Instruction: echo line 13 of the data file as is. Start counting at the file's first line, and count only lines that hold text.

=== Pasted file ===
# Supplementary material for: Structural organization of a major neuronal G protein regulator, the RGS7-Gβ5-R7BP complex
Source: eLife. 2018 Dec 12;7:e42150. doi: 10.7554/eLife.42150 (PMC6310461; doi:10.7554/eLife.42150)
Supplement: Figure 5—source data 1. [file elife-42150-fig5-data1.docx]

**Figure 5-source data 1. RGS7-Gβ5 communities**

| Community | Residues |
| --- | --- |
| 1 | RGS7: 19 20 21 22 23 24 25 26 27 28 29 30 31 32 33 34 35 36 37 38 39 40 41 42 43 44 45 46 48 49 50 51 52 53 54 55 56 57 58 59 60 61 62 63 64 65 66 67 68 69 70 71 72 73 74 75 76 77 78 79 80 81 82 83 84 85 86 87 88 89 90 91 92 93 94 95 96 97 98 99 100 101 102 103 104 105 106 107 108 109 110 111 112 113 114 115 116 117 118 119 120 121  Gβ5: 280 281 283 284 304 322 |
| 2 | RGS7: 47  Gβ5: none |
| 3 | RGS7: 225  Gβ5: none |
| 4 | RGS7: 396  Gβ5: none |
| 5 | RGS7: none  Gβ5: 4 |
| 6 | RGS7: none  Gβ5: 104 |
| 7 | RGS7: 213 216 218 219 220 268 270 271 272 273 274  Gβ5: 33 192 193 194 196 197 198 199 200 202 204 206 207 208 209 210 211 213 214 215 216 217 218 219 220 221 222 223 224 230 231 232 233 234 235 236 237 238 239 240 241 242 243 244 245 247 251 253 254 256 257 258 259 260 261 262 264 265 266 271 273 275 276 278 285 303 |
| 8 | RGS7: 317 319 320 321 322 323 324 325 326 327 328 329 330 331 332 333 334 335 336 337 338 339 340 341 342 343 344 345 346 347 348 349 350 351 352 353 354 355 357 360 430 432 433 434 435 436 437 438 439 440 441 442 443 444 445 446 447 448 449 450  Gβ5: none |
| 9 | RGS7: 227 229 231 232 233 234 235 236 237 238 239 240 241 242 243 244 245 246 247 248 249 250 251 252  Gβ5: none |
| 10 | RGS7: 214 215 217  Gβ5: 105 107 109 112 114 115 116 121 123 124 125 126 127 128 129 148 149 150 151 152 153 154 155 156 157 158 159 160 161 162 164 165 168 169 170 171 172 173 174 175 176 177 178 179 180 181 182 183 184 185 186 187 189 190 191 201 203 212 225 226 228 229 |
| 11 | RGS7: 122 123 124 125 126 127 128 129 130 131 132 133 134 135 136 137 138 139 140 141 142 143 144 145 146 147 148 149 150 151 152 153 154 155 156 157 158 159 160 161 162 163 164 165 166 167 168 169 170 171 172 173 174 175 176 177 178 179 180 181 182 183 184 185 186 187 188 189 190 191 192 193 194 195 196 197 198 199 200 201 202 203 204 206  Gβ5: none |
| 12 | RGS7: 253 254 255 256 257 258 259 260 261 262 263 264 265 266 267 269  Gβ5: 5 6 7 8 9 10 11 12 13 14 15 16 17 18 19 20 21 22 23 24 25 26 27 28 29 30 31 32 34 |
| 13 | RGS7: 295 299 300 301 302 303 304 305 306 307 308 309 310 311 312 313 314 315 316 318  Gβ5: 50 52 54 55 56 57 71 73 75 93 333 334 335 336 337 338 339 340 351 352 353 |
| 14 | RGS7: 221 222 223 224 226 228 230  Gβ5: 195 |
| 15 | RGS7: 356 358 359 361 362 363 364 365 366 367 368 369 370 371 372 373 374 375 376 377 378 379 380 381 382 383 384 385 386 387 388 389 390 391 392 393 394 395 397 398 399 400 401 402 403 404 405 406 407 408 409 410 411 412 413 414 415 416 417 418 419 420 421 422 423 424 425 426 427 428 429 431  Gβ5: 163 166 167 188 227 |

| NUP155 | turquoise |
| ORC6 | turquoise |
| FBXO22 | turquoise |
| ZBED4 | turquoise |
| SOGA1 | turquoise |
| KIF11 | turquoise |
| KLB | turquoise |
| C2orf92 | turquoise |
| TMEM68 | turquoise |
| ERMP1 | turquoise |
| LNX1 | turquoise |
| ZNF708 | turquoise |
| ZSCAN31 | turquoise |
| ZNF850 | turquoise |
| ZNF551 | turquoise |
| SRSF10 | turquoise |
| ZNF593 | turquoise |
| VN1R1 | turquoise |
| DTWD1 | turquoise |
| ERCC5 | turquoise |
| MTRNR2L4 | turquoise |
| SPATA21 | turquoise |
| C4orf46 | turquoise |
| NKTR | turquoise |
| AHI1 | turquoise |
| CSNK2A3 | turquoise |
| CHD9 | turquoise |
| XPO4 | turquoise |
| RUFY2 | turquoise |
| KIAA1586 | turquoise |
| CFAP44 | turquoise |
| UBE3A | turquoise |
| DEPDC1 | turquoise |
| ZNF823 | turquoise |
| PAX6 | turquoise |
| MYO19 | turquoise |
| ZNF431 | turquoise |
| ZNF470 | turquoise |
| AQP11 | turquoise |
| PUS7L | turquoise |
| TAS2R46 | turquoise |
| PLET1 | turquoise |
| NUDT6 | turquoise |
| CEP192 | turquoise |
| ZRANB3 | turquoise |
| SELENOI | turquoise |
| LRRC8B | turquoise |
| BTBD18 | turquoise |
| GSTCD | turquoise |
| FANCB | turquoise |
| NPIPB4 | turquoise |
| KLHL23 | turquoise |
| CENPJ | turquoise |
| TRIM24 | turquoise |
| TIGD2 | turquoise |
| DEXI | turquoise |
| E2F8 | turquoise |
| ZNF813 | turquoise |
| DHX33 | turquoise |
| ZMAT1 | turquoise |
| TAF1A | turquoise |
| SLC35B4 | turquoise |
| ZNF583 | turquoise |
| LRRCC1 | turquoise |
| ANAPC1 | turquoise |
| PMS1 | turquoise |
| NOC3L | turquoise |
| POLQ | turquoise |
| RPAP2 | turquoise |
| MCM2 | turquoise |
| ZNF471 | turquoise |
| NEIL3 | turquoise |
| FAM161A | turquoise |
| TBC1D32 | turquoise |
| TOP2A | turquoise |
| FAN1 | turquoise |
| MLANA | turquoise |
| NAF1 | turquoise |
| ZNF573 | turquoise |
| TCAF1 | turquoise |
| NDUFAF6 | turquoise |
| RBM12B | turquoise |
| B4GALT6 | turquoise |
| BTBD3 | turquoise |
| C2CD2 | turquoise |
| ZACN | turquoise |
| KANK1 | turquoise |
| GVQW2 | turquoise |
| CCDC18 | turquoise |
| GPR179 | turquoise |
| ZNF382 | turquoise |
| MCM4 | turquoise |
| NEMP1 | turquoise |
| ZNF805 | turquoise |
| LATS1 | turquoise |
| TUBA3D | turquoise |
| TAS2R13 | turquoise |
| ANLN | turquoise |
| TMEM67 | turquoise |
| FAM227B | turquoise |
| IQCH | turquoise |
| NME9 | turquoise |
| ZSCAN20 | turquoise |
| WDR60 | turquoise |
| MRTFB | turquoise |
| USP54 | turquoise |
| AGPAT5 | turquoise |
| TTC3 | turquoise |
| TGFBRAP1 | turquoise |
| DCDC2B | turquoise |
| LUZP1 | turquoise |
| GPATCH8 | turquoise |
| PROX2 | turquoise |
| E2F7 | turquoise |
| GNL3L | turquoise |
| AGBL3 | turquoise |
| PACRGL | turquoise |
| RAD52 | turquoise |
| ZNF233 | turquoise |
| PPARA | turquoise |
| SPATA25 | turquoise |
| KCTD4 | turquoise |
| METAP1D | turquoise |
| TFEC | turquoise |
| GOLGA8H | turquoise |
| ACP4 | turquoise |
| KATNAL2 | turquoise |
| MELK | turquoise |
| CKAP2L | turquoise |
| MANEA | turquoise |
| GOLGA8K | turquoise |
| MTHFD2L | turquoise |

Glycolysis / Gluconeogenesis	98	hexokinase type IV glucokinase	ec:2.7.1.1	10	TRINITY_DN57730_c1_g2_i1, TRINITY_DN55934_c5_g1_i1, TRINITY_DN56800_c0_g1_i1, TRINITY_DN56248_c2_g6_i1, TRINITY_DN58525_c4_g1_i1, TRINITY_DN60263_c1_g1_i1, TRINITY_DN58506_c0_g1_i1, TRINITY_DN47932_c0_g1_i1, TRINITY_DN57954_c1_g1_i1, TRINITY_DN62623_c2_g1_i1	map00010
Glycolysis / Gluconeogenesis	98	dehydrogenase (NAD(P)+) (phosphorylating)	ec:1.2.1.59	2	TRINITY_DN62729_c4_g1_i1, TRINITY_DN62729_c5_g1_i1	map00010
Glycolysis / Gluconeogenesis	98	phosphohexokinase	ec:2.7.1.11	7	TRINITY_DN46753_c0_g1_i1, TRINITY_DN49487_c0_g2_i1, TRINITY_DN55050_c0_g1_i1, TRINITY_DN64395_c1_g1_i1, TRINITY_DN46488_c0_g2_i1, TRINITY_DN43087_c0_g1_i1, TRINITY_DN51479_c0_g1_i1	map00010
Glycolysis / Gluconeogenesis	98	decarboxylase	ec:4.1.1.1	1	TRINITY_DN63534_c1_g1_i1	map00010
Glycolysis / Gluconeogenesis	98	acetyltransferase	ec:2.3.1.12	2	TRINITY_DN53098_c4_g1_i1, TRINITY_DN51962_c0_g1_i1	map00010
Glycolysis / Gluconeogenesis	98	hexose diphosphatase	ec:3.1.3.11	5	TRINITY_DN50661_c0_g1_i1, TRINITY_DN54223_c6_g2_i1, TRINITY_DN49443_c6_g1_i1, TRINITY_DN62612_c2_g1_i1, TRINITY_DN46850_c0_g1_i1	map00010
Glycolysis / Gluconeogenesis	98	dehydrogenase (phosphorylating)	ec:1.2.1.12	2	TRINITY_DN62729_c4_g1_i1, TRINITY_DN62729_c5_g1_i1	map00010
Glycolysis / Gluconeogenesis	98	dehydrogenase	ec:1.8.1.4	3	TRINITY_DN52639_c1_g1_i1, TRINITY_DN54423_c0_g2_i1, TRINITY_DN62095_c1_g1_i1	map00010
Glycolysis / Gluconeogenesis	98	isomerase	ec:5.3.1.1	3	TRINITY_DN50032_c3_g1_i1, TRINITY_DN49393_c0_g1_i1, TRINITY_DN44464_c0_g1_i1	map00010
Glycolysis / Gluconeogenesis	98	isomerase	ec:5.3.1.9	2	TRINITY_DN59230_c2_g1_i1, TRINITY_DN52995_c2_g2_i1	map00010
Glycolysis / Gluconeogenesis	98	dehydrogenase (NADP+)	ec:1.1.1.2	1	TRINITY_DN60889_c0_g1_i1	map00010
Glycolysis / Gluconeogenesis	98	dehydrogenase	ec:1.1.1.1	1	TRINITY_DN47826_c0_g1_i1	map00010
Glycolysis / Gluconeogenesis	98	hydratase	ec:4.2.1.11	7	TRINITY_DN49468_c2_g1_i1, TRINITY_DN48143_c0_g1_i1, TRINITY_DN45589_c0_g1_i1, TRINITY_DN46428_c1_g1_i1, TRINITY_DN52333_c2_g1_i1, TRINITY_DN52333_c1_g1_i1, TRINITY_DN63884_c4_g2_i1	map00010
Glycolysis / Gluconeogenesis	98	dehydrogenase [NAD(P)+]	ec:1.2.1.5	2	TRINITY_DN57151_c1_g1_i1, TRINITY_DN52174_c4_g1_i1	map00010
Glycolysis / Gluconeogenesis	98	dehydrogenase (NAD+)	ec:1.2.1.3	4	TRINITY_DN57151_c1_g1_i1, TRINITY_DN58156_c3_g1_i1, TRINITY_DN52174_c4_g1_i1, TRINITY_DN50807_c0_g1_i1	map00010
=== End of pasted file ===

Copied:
| 7 | RGS7: 213 216 218 219 220 268 270 271 272 273 274  Gβ5: 33 192 193 194 196 197 198 199 200 202 204 206 207 208 209 210 211 213 214 215 216 217 218 219 220 221 222 223 224 230 231 232 233 234 235 236 237 238 239 240 241 242 243 244 245 247 251 253 254 256 257 258 259 260 261 262 264 265 266 271 273 275 276 278 285 303 |